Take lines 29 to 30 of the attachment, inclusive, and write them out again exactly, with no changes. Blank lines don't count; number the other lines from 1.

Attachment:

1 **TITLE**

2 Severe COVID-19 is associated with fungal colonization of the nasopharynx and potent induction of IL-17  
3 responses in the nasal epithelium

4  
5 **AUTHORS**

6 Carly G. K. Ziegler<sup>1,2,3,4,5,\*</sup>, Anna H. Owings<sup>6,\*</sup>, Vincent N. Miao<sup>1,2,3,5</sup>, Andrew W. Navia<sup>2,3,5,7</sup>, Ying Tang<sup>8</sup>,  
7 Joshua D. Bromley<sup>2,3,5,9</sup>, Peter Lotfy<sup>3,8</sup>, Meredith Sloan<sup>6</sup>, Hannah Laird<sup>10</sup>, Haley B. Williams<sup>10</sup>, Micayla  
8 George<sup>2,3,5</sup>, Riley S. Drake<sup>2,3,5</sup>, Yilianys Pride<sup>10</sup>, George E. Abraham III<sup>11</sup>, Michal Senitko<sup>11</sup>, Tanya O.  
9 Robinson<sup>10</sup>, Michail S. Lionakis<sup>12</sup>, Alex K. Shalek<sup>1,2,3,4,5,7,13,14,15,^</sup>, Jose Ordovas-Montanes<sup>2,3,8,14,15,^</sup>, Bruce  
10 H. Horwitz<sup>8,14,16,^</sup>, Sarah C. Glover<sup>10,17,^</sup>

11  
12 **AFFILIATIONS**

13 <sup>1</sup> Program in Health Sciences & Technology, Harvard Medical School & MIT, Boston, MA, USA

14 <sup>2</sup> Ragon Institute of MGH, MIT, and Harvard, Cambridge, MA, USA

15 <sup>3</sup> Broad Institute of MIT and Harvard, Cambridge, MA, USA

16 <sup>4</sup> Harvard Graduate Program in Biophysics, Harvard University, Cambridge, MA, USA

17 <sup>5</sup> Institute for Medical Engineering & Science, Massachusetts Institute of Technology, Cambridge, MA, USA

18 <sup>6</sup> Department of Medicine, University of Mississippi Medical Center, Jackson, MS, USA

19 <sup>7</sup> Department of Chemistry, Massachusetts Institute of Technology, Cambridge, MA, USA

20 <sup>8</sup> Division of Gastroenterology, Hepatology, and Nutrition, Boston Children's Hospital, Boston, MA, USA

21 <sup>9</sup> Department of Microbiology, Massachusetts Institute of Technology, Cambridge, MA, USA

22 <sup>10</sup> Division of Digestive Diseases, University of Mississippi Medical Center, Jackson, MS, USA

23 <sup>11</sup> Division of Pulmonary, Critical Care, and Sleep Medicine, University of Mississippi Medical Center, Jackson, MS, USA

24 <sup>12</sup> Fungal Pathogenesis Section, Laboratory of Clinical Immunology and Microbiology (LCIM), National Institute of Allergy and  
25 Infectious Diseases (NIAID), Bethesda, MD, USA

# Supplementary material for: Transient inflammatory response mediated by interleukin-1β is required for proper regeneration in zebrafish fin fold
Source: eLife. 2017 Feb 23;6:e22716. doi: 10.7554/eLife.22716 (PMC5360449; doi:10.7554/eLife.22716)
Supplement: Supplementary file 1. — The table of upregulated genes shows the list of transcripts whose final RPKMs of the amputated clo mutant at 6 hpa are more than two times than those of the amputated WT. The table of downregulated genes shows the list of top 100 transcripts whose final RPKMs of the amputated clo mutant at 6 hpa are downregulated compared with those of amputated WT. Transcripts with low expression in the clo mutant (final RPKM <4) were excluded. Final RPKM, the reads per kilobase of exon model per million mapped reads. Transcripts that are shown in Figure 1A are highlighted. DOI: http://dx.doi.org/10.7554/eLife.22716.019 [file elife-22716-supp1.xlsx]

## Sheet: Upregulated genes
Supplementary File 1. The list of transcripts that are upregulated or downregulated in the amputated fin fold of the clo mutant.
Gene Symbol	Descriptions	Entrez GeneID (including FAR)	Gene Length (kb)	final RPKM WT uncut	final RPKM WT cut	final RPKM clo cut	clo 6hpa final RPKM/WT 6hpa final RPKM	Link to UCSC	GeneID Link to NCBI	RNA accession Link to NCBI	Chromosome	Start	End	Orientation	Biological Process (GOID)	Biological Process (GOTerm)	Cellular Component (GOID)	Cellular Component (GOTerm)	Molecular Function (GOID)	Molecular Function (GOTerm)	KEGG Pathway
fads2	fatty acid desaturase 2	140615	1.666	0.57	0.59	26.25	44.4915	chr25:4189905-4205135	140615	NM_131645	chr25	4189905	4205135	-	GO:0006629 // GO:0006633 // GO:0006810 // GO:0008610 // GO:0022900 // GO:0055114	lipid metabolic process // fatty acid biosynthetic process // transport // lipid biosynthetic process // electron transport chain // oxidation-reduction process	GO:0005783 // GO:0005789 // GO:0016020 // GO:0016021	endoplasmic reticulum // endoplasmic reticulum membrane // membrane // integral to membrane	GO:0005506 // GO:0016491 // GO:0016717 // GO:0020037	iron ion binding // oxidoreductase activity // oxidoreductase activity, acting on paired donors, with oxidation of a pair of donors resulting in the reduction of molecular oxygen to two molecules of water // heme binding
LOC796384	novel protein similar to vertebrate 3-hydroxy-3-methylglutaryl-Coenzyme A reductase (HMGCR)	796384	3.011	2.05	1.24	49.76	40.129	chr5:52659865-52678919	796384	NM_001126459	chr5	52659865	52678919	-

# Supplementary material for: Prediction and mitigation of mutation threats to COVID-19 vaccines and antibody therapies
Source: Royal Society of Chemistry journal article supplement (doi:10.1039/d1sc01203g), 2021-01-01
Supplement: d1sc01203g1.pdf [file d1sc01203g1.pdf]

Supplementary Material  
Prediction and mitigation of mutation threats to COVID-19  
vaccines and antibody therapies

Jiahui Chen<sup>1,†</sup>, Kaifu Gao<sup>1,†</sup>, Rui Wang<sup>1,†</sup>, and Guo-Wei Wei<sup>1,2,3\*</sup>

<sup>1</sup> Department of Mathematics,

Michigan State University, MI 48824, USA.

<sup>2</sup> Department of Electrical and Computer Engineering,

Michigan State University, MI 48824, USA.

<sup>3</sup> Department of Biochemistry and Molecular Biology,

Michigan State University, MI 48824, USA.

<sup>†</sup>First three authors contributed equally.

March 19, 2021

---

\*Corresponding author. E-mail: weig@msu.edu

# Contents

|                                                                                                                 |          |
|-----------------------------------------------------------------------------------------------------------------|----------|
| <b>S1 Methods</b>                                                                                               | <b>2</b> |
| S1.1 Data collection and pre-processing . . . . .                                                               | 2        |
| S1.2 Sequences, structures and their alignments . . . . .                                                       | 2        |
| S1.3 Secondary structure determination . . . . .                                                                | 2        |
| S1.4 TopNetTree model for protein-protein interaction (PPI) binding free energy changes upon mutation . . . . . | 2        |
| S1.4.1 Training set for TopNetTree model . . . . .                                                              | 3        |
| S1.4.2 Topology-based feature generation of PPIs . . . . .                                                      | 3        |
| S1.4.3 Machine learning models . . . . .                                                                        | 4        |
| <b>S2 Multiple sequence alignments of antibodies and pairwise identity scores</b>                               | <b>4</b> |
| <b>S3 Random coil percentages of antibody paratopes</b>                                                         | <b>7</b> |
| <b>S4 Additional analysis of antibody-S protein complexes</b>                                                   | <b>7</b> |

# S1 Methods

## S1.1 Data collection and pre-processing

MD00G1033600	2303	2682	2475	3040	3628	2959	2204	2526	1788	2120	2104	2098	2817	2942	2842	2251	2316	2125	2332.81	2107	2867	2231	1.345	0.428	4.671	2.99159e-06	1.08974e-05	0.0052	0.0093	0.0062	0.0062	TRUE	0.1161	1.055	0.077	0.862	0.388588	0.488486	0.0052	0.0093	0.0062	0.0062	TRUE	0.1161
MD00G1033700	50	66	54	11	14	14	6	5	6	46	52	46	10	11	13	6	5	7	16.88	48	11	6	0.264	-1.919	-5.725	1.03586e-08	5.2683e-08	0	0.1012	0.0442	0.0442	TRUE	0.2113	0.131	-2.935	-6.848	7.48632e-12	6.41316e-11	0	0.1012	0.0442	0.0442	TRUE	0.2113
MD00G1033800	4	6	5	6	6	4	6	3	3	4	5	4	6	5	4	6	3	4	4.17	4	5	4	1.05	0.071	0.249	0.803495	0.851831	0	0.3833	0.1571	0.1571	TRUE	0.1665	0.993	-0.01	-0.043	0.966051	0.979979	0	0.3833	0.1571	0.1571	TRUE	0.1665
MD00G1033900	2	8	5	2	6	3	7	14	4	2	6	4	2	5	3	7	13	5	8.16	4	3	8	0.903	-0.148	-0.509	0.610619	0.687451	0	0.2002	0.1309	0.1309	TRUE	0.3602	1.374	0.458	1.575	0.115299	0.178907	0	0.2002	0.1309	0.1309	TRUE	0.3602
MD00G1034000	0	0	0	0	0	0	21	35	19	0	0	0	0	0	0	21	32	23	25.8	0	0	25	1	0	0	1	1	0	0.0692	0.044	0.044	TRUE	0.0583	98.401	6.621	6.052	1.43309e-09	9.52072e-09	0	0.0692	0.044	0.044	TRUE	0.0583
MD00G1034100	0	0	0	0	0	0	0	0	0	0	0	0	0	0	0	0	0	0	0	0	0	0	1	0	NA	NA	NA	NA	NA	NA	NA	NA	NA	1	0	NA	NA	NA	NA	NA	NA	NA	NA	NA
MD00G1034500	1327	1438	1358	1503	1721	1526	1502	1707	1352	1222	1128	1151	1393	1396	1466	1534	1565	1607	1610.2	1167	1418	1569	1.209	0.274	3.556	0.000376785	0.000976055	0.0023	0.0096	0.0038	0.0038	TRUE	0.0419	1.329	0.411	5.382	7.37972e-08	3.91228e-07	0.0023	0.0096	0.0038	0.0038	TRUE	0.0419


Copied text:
## Sheet: Upregulated genes
Supplementary File 1. The list of transcripts that are upregulated or downregulated in the amputated fin fold of the clo mutant.